In Cherryfield, Maine a minister sued to recover his salary which the church had refused to pay him as a result of his preaching about his antislavery beliefs. The church claimed that his contract stipulated that he was not to preach about anything political and thus he was in breach of contract. The lawsuit, when reported in the newspaper, had not yet been resolved. The writers of The Southern Enterprise used it as a chance to decry the horrors of abolition, and how it was beginning even to poison the sacred institution of the church.
The article is remarkable for its coinciding defamation of abolition and support for the solid and conservative men in the North'. The authors still harbored faith in the common sense of their Northern compatriots and believed that with their help the rising tide of the evil abolitionists, yet to be perceived by the South as a universal Northern sentiment, could be turned back. Instead of focusing on the perceived wrongdoing of the abolitionist minister, the article focuses on the apt response of their Northern brethren The emphasis is still on togetherness and similarities, there is no attempt to polarize the two sections but rather to show how they stand united even on the divisive issues such as abolition.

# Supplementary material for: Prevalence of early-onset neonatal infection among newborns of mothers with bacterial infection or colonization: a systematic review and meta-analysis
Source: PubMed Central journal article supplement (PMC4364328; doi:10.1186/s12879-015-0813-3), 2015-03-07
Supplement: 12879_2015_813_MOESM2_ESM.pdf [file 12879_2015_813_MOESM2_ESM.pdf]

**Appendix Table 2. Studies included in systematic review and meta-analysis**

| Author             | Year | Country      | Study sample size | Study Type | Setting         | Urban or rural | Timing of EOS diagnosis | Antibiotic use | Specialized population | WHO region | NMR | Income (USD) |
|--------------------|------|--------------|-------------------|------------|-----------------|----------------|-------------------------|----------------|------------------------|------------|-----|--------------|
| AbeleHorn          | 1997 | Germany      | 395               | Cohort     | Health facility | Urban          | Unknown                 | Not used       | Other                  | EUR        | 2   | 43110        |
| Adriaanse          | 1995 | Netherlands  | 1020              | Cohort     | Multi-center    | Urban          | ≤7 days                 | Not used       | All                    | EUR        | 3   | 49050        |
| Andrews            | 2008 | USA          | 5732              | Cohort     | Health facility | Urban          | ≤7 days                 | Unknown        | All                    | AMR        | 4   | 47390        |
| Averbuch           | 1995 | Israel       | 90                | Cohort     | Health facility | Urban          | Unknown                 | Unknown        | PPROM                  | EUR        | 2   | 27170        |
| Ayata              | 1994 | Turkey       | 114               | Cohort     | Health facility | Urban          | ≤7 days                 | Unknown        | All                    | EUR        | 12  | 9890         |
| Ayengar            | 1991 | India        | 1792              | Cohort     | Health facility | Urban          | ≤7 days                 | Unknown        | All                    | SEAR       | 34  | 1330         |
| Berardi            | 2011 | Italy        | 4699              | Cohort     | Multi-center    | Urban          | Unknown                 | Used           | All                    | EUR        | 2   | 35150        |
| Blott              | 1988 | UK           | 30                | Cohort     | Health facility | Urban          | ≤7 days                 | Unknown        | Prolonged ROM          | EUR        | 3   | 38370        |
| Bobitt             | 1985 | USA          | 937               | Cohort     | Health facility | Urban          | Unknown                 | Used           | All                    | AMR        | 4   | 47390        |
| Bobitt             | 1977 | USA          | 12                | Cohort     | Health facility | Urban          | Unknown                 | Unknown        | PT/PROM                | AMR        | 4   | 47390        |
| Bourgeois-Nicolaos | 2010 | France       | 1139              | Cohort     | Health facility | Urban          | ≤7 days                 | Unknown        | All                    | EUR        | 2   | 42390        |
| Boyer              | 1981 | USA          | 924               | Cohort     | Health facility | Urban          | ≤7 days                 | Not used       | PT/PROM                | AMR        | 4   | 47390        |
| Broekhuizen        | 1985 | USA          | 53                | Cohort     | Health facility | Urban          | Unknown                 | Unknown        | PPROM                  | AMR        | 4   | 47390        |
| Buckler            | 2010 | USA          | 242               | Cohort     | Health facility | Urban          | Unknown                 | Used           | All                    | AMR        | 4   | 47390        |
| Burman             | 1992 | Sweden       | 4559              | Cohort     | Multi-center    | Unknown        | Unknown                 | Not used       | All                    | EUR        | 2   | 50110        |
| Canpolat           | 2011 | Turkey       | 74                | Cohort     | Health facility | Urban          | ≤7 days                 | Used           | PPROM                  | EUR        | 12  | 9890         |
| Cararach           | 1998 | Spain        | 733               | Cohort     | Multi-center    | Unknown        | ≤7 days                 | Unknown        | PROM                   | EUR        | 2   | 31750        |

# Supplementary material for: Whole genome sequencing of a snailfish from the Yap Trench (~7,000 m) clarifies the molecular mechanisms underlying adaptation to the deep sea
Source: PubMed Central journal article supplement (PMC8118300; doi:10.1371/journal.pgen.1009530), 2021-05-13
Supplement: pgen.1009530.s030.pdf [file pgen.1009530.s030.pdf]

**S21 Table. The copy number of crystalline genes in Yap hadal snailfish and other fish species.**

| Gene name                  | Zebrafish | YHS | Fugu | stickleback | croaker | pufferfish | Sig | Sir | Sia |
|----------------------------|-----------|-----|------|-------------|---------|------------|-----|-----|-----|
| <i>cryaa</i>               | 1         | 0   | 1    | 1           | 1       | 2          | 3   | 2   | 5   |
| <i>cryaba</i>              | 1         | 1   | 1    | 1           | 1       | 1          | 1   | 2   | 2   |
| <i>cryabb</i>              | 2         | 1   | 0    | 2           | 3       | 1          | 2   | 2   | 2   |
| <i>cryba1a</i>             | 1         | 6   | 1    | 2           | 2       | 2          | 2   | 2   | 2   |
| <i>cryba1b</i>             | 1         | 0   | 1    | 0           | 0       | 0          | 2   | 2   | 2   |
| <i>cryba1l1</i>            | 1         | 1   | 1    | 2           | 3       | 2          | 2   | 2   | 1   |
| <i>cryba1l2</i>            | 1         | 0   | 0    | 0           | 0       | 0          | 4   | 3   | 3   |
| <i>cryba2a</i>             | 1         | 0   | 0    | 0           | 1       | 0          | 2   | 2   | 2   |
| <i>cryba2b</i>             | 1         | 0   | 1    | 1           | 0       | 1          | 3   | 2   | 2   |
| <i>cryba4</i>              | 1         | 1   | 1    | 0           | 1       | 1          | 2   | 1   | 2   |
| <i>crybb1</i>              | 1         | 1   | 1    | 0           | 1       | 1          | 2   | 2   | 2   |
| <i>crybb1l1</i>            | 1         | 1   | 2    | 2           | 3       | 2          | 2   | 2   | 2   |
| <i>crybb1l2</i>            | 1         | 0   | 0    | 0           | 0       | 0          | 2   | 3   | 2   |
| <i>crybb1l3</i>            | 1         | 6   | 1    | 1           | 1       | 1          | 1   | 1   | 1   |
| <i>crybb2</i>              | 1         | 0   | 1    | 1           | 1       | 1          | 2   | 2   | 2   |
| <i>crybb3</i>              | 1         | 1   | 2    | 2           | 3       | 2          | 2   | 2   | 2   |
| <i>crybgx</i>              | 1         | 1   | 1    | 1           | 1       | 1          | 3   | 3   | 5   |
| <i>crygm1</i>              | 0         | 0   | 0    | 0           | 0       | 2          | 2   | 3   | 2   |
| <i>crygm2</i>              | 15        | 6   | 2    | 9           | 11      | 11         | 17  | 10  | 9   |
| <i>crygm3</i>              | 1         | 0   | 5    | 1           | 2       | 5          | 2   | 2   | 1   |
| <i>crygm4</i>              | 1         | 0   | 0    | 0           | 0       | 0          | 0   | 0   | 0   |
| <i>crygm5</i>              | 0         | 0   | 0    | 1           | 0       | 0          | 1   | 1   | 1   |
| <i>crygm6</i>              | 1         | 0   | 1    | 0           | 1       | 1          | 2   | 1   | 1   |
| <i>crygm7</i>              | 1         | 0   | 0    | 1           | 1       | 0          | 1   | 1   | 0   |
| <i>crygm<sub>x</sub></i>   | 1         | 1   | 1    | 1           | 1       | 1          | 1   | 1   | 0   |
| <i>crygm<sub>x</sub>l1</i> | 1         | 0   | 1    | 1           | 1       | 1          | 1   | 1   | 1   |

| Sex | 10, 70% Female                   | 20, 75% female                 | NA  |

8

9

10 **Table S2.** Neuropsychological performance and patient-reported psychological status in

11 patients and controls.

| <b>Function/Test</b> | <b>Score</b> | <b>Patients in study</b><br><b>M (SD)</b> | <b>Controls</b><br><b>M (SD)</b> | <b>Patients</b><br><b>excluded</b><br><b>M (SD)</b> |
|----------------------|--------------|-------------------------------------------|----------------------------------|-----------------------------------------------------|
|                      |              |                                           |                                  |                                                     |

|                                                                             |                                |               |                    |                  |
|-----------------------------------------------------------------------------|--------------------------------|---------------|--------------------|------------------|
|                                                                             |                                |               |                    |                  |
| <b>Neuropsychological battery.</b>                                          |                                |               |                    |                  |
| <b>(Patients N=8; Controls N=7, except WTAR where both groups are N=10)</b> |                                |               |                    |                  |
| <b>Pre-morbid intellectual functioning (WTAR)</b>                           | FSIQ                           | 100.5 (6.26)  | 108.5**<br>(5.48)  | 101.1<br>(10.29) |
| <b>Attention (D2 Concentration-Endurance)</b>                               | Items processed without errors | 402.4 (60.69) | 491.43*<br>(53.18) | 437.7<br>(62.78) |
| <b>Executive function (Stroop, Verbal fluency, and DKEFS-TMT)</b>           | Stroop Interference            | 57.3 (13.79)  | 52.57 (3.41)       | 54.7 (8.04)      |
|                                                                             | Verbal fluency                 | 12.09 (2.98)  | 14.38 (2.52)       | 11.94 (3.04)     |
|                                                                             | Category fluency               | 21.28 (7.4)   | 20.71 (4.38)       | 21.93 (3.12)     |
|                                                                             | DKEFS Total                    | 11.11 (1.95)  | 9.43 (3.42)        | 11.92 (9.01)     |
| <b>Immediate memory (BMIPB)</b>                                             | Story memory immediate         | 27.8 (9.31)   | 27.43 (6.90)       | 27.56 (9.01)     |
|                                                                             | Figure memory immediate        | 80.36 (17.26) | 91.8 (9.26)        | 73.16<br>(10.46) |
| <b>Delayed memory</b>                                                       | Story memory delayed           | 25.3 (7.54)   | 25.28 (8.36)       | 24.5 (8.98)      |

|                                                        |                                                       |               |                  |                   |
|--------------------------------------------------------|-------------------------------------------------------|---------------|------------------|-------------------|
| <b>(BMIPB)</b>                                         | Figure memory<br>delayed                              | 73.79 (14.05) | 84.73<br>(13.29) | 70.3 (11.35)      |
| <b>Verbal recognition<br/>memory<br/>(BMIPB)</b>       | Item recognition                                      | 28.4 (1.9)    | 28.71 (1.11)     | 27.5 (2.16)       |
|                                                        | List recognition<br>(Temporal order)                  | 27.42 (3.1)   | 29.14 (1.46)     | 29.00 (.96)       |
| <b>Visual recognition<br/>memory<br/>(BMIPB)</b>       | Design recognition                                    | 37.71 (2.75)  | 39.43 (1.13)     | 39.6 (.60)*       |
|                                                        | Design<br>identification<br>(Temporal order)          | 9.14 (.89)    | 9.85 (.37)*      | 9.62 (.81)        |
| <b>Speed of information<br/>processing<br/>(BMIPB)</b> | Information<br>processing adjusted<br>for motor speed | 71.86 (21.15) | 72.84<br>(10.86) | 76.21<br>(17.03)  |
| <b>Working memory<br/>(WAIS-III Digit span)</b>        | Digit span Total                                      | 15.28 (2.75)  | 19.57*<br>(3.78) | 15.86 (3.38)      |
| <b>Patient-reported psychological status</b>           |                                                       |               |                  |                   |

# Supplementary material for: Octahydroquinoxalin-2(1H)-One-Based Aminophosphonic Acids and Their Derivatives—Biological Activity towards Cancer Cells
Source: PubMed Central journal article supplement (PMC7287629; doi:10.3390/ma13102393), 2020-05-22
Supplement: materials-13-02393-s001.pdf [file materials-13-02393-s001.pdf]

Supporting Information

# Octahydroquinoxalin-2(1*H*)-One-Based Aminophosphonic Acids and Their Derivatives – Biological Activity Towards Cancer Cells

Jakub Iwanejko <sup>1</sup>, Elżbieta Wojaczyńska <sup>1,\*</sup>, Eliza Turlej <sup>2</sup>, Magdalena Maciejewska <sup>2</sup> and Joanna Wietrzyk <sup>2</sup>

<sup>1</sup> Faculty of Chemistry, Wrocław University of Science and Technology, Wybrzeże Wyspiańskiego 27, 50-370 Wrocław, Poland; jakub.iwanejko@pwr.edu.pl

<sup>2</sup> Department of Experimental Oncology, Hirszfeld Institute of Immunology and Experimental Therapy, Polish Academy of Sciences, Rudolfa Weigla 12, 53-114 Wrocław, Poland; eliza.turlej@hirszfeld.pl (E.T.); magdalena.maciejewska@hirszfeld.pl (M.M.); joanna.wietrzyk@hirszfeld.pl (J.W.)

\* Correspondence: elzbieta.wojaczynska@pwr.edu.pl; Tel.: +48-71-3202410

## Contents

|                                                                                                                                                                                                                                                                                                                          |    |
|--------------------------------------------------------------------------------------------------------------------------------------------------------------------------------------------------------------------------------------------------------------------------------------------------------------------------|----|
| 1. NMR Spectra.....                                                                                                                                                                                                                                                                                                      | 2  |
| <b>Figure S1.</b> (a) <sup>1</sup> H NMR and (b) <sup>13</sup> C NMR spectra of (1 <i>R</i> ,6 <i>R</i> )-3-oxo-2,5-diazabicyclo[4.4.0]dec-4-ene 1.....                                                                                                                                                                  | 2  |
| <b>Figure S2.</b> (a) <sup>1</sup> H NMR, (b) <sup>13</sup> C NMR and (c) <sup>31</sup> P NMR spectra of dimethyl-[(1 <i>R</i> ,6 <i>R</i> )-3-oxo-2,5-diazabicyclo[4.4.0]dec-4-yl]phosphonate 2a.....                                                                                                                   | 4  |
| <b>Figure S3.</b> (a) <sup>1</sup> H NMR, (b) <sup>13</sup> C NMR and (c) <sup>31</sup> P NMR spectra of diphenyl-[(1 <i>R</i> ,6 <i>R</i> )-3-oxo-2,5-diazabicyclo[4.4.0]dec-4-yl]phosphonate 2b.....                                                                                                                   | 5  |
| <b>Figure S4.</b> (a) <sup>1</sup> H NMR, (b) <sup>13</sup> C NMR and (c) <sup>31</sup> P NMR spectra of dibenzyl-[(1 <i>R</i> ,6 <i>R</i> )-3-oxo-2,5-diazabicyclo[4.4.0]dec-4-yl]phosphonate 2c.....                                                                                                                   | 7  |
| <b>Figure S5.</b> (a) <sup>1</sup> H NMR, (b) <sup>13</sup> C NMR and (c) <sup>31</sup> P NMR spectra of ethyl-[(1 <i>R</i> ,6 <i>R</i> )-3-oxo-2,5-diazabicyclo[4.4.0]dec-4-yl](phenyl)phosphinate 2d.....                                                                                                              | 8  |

"Slavery versus Salary," Southern Enterprise, November 5, 1857.